If anyone asks me what I’m afraid of the answer is usually commitment. Followed by ketchup. I have ketchup phobia. Whatever. I’ve always thought of myself as someone who is afraid of commitment. I am horrible at relationships, I push people away and I often relocate my life. A lot. I switched high schools after just one year, and recently did the same with college. I am restless and I can’t stay still. But I’ve realized that while I seem to have trouble committing to the ‘important things’ in life, I’m having so much trouble with sticking it out in school and friendships because I’m trying my best to stay committed to myself. I’m just really fucking selfish! That must explain everything.
When I was 14 I started high school in Manhattan and I had no idea what I was doing. I was a brat. I was jealous of the Upper East Side rich kids that went to my school. I thought I wanted to be like them. I adopted the Lindsay Weir approach to joining a friend group, but instead of befriending ‘Freaks’ I befriended self-entitled baby Mahattanites. Ha, dumb me. By January that year I was miserable. I wanted out. It was 4ish months into high school and I had already started crying in my English class and yelled at an ignorant male classmate before storming out of the room. Yeah, emotional stability. When I approached my parents about switching schools they were more than supportive. Picture that scene in Juno when she tells her parents she’s pregnant – it was that kind of weird calmness. I was a relatively easy child so I expected some kind of argument, but I was having crazy teenage girl meltdowns and basically going nuts so I guess they weren’t too shocked. I was 15 and trying to figure myself out, gosh. Apparently I told my mom “I don’t like who I am becoming at the school I go to. If I switch here, I can maybe try to become who I want to be” or some words of wisdom with the same idea. I don’t remember saying this, I was probably crying.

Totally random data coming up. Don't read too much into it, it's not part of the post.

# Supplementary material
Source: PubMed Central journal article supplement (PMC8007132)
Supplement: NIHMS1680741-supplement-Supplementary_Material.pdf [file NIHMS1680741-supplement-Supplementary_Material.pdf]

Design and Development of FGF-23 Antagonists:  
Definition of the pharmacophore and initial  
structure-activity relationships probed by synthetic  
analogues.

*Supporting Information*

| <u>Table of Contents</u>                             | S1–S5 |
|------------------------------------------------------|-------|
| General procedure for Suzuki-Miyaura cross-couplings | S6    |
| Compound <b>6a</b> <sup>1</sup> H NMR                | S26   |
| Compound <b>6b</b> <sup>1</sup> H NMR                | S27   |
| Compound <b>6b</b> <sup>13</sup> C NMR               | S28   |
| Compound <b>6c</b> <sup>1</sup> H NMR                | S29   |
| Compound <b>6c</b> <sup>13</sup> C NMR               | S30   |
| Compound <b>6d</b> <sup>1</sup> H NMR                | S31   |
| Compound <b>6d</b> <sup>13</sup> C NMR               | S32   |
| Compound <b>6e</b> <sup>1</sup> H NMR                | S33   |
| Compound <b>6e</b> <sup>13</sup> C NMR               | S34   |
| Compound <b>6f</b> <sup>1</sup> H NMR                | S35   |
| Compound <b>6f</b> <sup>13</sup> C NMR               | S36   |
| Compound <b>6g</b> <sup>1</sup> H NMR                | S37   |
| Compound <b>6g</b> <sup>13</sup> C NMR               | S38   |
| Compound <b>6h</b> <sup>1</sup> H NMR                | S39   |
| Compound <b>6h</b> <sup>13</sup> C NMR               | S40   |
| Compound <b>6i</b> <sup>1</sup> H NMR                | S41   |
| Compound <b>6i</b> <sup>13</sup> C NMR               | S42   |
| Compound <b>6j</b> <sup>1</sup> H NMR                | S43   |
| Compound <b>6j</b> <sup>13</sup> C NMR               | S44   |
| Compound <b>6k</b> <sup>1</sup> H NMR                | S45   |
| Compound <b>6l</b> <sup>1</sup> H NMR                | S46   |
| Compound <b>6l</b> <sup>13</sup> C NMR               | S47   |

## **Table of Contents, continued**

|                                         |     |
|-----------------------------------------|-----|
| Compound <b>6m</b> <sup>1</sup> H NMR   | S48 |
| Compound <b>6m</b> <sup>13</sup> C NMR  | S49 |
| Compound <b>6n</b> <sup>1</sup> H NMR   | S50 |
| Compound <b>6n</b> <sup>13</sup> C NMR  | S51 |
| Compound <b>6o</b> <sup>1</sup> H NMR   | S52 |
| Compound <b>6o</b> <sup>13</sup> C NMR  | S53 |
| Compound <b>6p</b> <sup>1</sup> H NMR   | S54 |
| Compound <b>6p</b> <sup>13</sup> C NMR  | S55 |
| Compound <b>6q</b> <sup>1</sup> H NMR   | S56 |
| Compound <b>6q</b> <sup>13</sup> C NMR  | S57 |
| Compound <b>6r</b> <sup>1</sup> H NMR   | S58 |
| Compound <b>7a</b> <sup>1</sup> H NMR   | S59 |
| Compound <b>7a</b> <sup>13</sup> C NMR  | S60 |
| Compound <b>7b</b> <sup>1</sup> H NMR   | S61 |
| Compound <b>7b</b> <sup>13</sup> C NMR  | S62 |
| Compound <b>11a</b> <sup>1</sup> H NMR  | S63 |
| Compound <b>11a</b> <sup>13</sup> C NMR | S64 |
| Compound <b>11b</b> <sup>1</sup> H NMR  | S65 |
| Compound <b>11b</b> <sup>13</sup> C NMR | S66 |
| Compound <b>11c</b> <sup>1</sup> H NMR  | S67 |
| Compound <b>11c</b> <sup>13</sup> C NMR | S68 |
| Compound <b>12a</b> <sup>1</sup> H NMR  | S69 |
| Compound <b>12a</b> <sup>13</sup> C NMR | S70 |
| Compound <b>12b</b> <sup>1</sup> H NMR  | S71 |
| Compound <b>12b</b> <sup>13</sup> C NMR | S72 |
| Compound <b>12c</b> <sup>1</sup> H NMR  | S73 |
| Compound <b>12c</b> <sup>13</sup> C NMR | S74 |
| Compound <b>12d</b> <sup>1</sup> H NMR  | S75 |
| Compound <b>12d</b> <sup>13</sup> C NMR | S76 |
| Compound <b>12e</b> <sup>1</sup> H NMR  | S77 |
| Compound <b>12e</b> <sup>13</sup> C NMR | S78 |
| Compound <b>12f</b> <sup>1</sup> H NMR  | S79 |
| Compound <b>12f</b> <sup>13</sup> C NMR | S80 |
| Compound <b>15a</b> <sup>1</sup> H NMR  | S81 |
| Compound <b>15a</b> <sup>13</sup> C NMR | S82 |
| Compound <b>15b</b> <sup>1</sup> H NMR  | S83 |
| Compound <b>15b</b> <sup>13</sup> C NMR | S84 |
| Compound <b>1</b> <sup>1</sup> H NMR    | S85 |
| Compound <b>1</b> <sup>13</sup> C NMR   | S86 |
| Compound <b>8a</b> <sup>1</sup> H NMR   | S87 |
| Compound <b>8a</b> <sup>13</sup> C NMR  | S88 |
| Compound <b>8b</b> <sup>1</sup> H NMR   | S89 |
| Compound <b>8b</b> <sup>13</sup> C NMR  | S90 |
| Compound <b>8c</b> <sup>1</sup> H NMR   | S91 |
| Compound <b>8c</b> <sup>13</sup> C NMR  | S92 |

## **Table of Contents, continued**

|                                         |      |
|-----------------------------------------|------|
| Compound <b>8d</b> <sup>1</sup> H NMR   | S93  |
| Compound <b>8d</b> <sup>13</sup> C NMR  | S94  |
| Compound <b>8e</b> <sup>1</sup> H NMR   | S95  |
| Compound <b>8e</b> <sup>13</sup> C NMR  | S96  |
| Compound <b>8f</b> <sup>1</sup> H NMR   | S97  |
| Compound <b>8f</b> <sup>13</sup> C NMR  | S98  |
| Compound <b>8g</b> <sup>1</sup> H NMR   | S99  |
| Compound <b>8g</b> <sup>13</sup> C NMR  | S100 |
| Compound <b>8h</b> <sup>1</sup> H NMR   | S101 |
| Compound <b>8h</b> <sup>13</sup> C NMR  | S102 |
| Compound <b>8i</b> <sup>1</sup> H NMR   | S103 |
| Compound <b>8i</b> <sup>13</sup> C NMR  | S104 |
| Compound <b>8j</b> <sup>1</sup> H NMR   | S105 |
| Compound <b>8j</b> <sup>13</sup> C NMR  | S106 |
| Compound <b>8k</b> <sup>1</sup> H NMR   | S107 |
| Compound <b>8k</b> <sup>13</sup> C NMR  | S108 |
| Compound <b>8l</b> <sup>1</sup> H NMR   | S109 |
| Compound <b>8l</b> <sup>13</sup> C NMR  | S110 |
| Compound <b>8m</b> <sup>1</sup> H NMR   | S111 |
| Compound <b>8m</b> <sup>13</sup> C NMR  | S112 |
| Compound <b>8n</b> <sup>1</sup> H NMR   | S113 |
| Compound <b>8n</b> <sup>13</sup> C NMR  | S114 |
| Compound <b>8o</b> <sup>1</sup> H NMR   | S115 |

Throughout that entire horrible year that I have been erasing from my memory, I did my best to remain myself with my sarcastic nature and unappreciated integrity and all. I was fully committed to doing extra curricular activities that I enjoyed, wearing clothes that I liked and listening to my favorite music (which was mostly Death Cab for Cutie because I was a miserable little teen queen.) I decided to be friends with only people I actually got along with, and stopped getting caught up in the clique nonsense that everyone made such a huge fuss about. I knew I was leaving, and I knew that I didn’t want to be a carbon copy of everyone at my school, especially considering I barely liked any of them. It was the first time I had really thought about what it means to be me, which was cool, ya know?
For the last 5 years I have been in a fully committed relationship with myself (and Arctic Monkeys). But I’m a teenager (still) so it’s a pretty complicated relationship. People are complicated. Growing up is complicated when you have all of these things you’re supposed to be ‘committed’ to. When I started college I knew that school was something that could be changed. My dad always says “the only thing you can’t undo is a baby!” I didn’t expect to want to switch schools again, but by November of last year I felt like Cher Horowitz. I was clueless as to why I attended my old university. And so totally distracted living there knowing that I wanted something else for myself. Instead of wandering around like a lost little puppy, I gave myself a goal and worked towards something I desperately wanted to achieve. Which I did, because I’m totally the best.
I feel like people often hype up the idea of commitment. Like, why should you have to commit to something when you’re 18? That’s kind of insane if you ask me. What 18 year old definitively knows exactly what they want or where they’re going? I don’t even know what I’m eating for dinner. Do I think it’s a good thing to be able to exist in a committed relationship? Yes, I have friends that I have committed myself to – I’m not a total loner. What I guess I’m trying to say is that you’re allowed to be scared. Life is horrifying and I have doubts about everything, but I never do something that I don’t want to. On the flip side, I also do whatever I want. So that’s cool. Do what you like, like what you do – Life is good apparel taught me that at a young age. Thank you for that, dad’s T shirts.